Spain’s Official Languages|Susumu Yamada|KnowLedge World Network|Activities|KNOWLEDGE CAPITAL

  • 2019.06.04
  • Spain’s Official Languages
Please stay with me as I follow my last post with further discussion about language.
There is no mention of an official language in the Japanese constitution. It’s self-evident that Japanese is the national language universally used in every nook and cranny across the whole country, in the north and the south, in the east and the west, so there would be no need to deliberately stipulate it in law.

But things are different in Spain.
Official languages are mentioned in Section 3 of the Preliminary Part of the Constitution of Spain, enacted and promulgated in 1978.
1. Castilian is the official Spanish language of the State. All Spaniards have the duty to know it and the right to use it.
2. The other Spanish languages shall also be official in the respective Self-governing Communities in accordance with their Statutes.
3. The wealth of the different linguistic forms of Spain is a cultural heritage which shall be especially respected and protected.

Currently in Spain, the provisions of Clause 2 mean the following four Spanish languages are used as official languages as stipulated in the statutes of the respective autonomous communities, apart from Castilian, the official language of the entire country.


〇 Catalan or Valencian (català or valencià): Used in Catalonia (capital: Barcelona) and the neighboring autonomous community of Valencia.

〇 Aranese (aranés): Used in the province of Lleida and the Aran Valley, near the middle of the Pyrenees mountains. It’s one of the three official languages of Catalonia.

〇 Galician (galego): The language of Galicia, in the northwest corner of Spain.

〇 Basque (euskera): The language of the Basque Country, which has recently been attracting attention for its excellent food.

“Spanish” and “Castilian” both refer to the same language, yet the word for the Spanish language recognized as Spain’s official language above is not written “español” (“Spanish”) but “castellano” (“Castilian”).




This is a map of the official languages on the Iberian Peninsula. It shows there are seven official languages on the Peninsula in total including Portuguese in Portugal and English on the British Overseas Territory of Gibraltar. Basque in the northwest and Catalan in the northeast are also used across the border in France.

With this many languages in Spain and the Iberian Peninsula alone, it is not hard to imagine the linguistic complexity of the European Union, an assembly of 28 countries. In accordance with the EU’s foundational principle of unity in diversity, each member nation may nominate only one official language for use as an official language of the EU to represent their country, so it currently uses 24 languages*.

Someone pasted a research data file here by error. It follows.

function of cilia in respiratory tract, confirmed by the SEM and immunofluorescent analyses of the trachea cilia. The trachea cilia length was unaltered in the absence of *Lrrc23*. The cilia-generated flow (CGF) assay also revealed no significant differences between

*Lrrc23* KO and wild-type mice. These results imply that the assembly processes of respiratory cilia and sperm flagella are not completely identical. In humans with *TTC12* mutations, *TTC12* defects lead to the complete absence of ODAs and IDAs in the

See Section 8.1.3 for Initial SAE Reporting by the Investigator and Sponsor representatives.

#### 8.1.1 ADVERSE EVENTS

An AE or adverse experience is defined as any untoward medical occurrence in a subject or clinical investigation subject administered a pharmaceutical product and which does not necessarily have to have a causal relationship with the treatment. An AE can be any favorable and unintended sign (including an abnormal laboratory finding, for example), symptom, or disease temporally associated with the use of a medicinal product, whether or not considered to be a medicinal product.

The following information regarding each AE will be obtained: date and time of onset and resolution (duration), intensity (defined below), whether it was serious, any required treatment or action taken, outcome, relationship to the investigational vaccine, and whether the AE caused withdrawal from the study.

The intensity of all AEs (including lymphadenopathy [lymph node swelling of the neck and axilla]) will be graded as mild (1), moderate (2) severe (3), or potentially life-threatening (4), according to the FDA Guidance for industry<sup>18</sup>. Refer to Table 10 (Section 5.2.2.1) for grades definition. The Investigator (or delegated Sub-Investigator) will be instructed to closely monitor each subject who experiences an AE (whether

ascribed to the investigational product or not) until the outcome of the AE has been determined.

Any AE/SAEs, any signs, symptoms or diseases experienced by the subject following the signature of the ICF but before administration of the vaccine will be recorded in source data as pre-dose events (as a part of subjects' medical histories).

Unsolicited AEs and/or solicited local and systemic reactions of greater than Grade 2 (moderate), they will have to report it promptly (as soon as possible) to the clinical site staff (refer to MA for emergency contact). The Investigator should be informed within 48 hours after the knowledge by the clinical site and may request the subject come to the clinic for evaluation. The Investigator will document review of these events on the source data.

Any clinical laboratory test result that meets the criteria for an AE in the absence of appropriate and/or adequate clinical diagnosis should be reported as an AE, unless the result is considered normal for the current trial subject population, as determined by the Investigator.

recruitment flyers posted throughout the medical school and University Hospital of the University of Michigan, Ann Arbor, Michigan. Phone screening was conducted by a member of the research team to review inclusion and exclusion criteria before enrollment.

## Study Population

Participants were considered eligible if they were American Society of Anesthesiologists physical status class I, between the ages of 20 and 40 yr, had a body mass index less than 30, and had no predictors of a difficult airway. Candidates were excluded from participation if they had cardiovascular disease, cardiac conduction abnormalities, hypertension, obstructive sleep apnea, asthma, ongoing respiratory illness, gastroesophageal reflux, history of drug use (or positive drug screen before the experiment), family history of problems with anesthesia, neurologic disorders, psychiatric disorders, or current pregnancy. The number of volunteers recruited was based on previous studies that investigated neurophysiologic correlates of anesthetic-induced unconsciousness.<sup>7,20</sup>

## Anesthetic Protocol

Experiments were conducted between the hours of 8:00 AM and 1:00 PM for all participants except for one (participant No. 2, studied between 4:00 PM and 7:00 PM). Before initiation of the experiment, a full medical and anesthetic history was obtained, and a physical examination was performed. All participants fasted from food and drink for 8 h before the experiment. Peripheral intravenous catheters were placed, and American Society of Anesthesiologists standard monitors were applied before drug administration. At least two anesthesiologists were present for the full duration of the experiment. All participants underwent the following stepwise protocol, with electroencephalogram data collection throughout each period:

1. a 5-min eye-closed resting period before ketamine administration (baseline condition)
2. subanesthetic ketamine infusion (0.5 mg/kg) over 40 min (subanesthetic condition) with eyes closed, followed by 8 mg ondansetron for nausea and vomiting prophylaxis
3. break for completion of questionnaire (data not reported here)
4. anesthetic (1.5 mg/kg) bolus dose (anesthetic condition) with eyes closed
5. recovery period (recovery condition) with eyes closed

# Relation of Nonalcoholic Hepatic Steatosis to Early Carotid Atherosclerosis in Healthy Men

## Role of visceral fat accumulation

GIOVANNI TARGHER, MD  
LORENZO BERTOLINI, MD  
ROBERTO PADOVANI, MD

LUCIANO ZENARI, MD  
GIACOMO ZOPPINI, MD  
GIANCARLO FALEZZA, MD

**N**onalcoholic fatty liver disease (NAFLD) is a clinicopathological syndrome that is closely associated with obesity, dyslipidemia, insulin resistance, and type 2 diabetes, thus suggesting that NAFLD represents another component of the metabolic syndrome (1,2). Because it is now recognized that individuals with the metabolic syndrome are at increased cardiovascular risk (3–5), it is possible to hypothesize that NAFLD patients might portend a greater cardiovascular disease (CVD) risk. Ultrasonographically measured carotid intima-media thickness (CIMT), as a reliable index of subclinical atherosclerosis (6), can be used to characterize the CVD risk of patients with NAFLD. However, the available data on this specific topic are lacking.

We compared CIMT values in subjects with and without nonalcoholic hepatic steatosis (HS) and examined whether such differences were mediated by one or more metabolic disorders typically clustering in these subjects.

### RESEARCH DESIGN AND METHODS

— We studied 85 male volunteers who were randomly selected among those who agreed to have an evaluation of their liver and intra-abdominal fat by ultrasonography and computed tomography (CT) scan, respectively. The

It seems that the number of employees engaged in translation of official documents and interpreting at meetings required for all 24 languages is over 5,000. When you think about the actual work involved in translating from Estonian to Irish, or simultaneous interpreting of Maltese and Latvian, it must be like an unbelievably huge language trading conglomerate. Could the menus in the staff restaurants and cafeteria at EU headquarters in Brussels possibly be written in 24 languages? Surely not…

I would guess each member nation’s official language is translated and interpreted via English, the de facto official language of many international organizations and the language used by the largest number of people in the most regions around the world. The problem with that is that when the UK — the sole member nation with English as its official language — leaves the EU, English will no longer be an official EU language. French and German both function as working languages, but surely the impact from eliminating English can’t be overestimated.

* The number of member nations is 28, but multiple nations applied to have French, Dutch, German, or Greek as their official language, so the number of languages is 24. By the way, here is how you write “The European Union” in the 24 languages [plus Japanese].

Japanese
:欧州連合 (Oshu Rengo)
 
 
Irish
:An tAontas Eorpach
Danish
:Den Europæiske Union
Italian
:L’Unione europea
German
:Die Europäische Union
English
:The European Union
Hungarian
:Az Európai Unió
Estonian
:Euroopa Liit
Finnish
:Euroopan unioni
Dutch
:De Europese Unie
French
:L’Union européenne
Greek
:Η Ευρωπαϊκή Ένωση
Bulgarian
:Европейският съюз
Croatian
:Europska unija
Polish
:Unia Europejska
Swedish
:Europeiska unionen
Portuguese
:A União Europeia
Spanish
:La Unión europea
Maltese
:L-Unjoni Ewropea
Slovakian
:Európska únia
Latvian
:Eiropas Savienība
Slovenian
:Evropska unija
Lithuanian
:Europos Sąjunga
Czech
:Evropská unie
Romanian
:Uniunea Europeană

REPOTER

  • Susumu Yamada
  • AgeTiger( TORA )
  • GenderMale
  • JobSpanish and Japanese Translation

It’s been almost 37 years since I received a residence permit and work permit from the Spanish government and paid my first tax and social insurance premiums. Now that I’m at that age where I will soon go and register at the senior human resources center, I’m grateful to have this opportunity to introduce you all to this country that has taken care of me these many years.

View a list of Susumu Yamada's

What's New

REPORTER

What's New

PAGE TOP